Financing of the hydrogen core grid

On 12 April 2024, the German Parliament passed the third amendment to the Energy Industry Act (EnWG). The amendment introduces new regulations for hydrogen grids, in particular, on the financing of the hydrogen core grid in Germany.

The hydrogen core gird will comprise 9,700 km of pipelines, in part based on the conversion of existing natural gas pipelines and in part on the construction of new pipelines. The core gird is a key element of the national hydrogen strategy, which aims to promote the production and use of green hydrogen as a low-carbon energy source for various sectors.

The latest amendment strives to overcome the remaining obstacle for the construction of the core grid – financing. The key issue is that the initial demand for hydrogen at the outset of the ramp-up is expected to be low while the network costs are expected to be high. If the initial customers were to bear these costs alone, there would likely be no demand for hydrogen at all. To address this issue, the amendment establishes an intertemporal cost allocation mechanism, which consists of three elements: a ramp-up fee, an amortisation account and a bridging loan. 

The ramp-up fee is a uniform tariff that applies to all entry and exit points of the network, and that is initially set below the network costs to stimulate the demand for hydrogen. The federal network agency (BNetzA) will be able to adapt the tariff every three years. Once a market has been established, the tariff is expected to exceed the acutal grid costs. The amortisation account is an account that records the difference between the revenues and the costs of the network operators, and that is intended to be balanced by 2055. The bridging loan is a loan provided by a state-owned bank (KfW) to the entity running the amortisation account. The loan is secured by the federal government and serves to cover the differences between actual network costs and the ramp-up fee until the ramp-up fee levels or exceeds the cost.

The mechanism also includes a risk-sharing element between the network operators and the federal government, in case the hydrogen market does not develop as expected. If the amortisation account shows a deficit by 2055, the federal government will cover the remaining amount, but the network operators will have to pay a deductible of 24% of the deficit tot he state by 2057.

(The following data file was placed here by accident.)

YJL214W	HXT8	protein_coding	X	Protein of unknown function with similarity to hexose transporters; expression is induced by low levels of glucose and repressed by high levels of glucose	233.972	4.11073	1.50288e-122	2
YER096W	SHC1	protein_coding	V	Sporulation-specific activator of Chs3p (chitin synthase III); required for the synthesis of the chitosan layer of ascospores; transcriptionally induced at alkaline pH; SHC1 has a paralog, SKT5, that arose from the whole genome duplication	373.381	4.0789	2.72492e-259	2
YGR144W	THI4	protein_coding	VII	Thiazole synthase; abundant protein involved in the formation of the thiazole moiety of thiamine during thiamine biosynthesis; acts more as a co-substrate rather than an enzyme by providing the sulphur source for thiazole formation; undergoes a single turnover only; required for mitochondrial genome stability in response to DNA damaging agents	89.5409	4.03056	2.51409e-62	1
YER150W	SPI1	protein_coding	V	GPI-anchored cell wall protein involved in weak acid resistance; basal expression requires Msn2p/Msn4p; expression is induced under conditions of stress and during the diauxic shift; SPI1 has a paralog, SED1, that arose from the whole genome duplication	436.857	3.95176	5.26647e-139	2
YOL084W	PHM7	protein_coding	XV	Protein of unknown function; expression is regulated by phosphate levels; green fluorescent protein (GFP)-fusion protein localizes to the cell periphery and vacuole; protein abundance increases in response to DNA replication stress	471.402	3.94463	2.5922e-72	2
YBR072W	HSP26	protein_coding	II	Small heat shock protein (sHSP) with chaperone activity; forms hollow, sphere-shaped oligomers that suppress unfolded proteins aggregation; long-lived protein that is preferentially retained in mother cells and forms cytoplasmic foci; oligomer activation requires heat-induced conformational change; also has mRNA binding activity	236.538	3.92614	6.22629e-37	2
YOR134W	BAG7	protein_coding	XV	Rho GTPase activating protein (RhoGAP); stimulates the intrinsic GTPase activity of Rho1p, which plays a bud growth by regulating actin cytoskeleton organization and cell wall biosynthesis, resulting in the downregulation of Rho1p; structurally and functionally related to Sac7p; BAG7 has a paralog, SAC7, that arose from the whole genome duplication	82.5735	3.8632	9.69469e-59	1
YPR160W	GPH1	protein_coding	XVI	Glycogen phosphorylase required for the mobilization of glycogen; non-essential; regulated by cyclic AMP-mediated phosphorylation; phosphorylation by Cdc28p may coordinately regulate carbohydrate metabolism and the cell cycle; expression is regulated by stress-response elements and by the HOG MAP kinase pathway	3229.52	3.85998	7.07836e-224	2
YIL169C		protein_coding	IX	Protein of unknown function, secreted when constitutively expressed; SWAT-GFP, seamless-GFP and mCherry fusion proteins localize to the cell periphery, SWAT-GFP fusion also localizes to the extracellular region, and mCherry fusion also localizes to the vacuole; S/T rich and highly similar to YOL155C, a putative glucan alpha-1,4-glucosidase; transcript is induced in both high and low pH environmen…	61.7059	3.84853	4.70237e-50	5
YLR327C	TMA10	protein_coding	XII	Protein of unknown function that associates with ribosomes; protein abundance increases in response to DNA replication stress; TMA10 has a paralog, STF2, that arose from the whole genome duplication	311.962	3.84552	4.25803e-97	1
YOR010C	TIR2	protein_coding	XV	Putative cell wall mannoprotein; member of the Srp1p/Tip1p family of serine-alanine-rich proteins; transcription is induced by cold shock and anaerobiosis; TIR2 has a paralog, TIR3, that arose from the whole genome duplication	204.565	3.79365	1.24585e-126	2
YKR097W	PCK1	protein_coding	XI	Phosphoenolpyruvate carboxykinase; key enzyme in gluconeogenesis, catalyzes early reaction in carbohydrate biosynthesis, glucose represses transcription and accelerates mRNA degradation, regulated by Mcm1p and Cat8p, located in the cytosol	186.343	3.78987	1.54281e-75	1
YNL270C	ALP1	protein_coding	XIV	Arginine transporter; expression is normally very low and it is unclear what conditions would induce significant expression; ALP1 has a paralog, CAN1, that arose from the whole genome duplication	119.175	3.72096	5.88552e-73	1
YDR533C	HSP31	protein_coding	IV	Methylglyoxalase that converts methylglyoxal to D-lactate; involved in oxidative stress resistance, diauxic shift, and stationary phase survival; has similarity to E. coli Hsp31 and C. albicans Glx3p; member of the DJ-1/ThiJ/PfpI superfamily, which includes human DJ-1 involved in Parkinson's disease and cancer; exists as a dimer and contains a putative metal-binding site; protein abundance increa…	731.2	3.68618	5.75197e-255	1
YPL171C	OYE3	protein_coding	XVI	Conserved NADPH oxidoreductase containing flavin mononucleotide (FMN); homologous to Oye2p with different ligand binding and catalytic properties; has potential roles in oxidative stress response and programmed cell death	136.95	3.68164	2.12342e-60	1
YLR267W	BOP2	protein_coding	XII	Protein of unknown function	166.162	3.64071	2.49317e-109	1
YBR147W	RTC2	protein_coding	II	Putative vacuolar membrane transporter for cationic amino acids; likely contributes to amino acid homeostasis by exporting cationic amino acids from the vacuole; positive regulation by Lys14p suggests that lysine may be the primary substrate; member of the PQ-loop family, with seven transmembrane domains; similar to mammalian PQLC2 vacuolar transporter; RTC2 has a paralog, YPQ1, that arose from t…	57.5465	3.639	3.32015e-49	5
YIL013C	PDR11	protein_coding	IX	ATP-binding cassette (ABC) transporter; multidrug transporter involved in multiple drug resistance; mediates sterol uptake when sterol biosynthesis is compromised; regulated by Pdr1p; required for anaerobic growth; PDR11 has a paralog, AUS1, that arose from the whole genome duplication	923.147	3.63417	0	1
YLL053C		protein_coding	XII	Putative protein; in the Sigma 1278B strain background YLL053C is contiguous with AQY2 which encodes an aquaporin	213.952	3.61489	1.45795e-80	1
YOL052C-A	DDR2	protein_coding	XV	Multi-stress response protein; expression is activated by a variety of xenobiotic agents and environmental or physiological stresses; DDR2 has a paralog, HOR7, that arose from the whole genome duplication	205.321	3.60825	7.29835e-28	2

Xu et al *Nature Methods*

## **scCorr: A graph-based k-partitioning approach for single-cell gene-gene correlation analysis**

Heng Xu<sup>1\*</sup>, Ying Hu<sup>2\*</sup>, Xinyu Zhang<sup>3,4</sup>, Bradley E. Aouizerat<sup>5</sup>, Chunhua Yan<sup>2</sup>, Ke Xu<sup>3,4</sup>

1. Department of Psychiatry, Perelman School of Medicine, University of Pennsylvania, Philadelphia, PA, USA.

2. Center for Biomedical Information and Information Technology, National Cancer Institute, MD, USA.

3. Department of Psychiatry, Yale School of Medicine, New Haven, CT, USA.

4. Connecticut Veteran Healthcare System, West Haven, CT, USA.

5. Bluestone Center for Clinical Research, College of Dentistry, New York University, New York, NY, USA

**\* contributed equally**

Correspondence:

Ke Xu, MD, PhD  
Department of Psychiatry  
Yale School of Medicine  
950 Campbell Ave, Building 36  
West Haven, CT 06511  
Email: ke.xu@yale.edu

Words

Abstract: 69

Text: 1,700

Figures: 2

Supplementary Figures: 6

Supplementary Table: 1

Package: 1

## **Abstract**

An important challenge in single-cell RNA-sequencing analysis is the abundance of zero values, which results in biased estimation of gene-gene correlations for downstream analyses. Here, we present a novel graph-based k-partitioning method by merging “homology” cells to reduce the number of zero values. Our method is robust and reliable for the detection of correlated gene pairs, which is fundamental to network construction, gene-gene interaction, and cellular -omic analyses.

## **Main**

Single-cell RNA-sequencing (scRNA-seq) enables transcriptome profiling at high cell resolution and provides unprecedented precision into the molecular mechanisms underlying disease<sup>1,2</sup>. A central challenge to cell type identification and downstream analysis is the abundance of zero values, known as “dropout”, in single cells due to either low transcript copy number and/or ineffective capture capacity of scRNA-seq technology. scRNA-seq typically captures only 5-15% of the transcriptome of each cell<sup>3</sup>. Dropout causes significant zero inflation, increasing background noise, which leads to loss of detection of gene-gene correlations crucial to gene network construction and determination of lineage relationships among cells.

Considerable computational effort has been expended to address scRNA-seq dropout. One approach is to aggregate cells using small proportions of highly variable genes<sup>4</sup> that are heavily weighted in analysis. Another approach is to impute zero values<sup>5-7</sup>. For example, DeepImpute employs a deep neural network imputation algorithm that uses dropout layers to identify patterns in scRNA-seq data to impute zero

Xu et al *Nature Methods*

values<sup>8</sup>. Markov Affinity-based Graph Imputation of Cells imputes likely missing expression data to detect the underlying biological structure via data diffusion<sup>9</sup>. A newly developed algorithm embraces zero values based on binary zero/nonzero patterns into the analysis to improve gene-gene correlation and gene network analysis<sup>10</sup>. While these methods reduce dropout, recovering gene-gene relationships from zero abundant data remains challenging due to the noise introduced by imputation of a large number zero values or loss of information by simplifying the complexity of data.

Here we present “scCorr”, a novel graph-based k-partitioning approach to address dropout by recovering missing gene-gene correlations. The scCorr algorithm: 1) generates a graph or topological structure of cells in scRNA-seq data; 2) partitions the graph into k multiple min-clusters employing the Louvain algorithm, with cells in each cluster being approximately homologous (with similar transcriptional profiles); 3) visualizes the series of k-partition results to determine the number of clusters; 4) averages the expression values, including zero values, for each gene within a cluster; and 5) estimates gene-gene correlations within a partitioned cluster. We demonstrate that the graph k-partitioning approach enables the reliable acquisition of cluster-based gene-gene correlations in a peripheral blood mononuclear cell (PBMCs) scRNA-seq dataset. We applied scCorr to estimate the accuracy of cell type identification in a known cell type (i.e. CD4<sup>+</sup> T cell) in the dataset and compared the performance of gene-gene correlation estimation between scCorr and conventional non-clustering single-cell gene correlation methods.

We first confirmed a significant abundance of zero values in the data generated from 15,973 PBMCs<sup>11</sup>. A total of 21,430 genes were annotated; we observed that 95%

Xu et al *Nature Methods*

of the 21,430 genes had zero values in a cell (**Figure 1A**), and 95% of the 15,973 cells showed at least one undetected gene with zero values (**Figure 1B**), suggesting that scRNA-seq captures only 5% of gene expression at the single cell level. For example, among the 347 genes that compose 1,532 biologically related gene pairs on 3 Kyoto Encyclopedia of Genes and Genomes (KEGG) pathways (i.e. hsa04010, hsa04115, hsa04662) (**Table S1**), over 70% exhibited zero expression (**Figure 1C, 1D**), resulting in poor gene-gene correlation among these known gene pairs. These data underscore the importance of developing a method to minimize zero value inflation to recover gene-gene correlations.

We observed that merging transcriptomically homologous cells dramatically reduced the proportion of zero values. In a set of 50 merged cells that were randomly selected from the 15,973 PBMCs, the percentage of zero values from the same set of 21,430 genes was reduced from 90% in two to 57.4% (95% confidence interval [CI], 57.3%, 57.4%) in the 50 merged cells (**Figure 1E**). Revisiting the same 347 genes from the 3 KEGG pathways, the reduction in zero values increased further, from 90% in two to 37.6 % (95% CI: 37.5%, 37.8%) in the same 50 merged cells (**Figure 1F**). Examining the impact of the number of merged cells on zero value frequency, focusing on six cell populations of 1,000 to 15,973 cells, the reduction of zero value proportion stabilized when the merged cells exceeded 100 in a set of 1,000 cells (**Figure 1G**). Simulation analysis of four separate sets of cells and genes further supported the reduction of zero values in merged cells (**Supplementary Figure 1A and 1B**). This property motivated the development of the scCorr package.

The mechanism also allows the federal government to terminate the amortisation account before 2055, if it becomes clear that the hydrogen market will not reach a cost-covering level by then. In that case, the network operators will have to pay a reduced deductible of 16% to 24% of the deficit, depending on the year of termination. The erliest point for such termination is the year 2038 with effect as of 2039. Additionally, if the network operators are unable to pay their deductible, they will have to transfer their network assets to the federal government at the imputed residual value.

The amendment also sets a fixed rate of return on equity for the network operators, which is 6.69% for both converted and new assets. This rate is lower than the rate for hydrogen networks under the existing hydrogen grid fee ordinance, which is 9% for new assets and 7.73% for old assets. The reason for the lower rate is that the network operators benefit from the federal guarantee for the bridging loan and the amortisation account, which reduces their risk profile. However, some critics argue that the rate is still too low, given the uncertainty and complexity of the hydrogen market and the high deductible that the network operators face in case of failure.

The third amendment to the EnWG is a milestone for the development of the hydrogen core network in Germany, as it provides a legal framework and a financial incentive for the network operators to invest in the network infrastructure. However, the amendment also entails significant risks and challenges for the network operators, as they have to bear a substantial share of the potential losses.

By 21 May 2024 the hydrogen core grid oprerators are required to file their application for the construction of the hydrogen core gird, provided they indeed deem the introduced financing mechanism to provide sufficient investment incentives.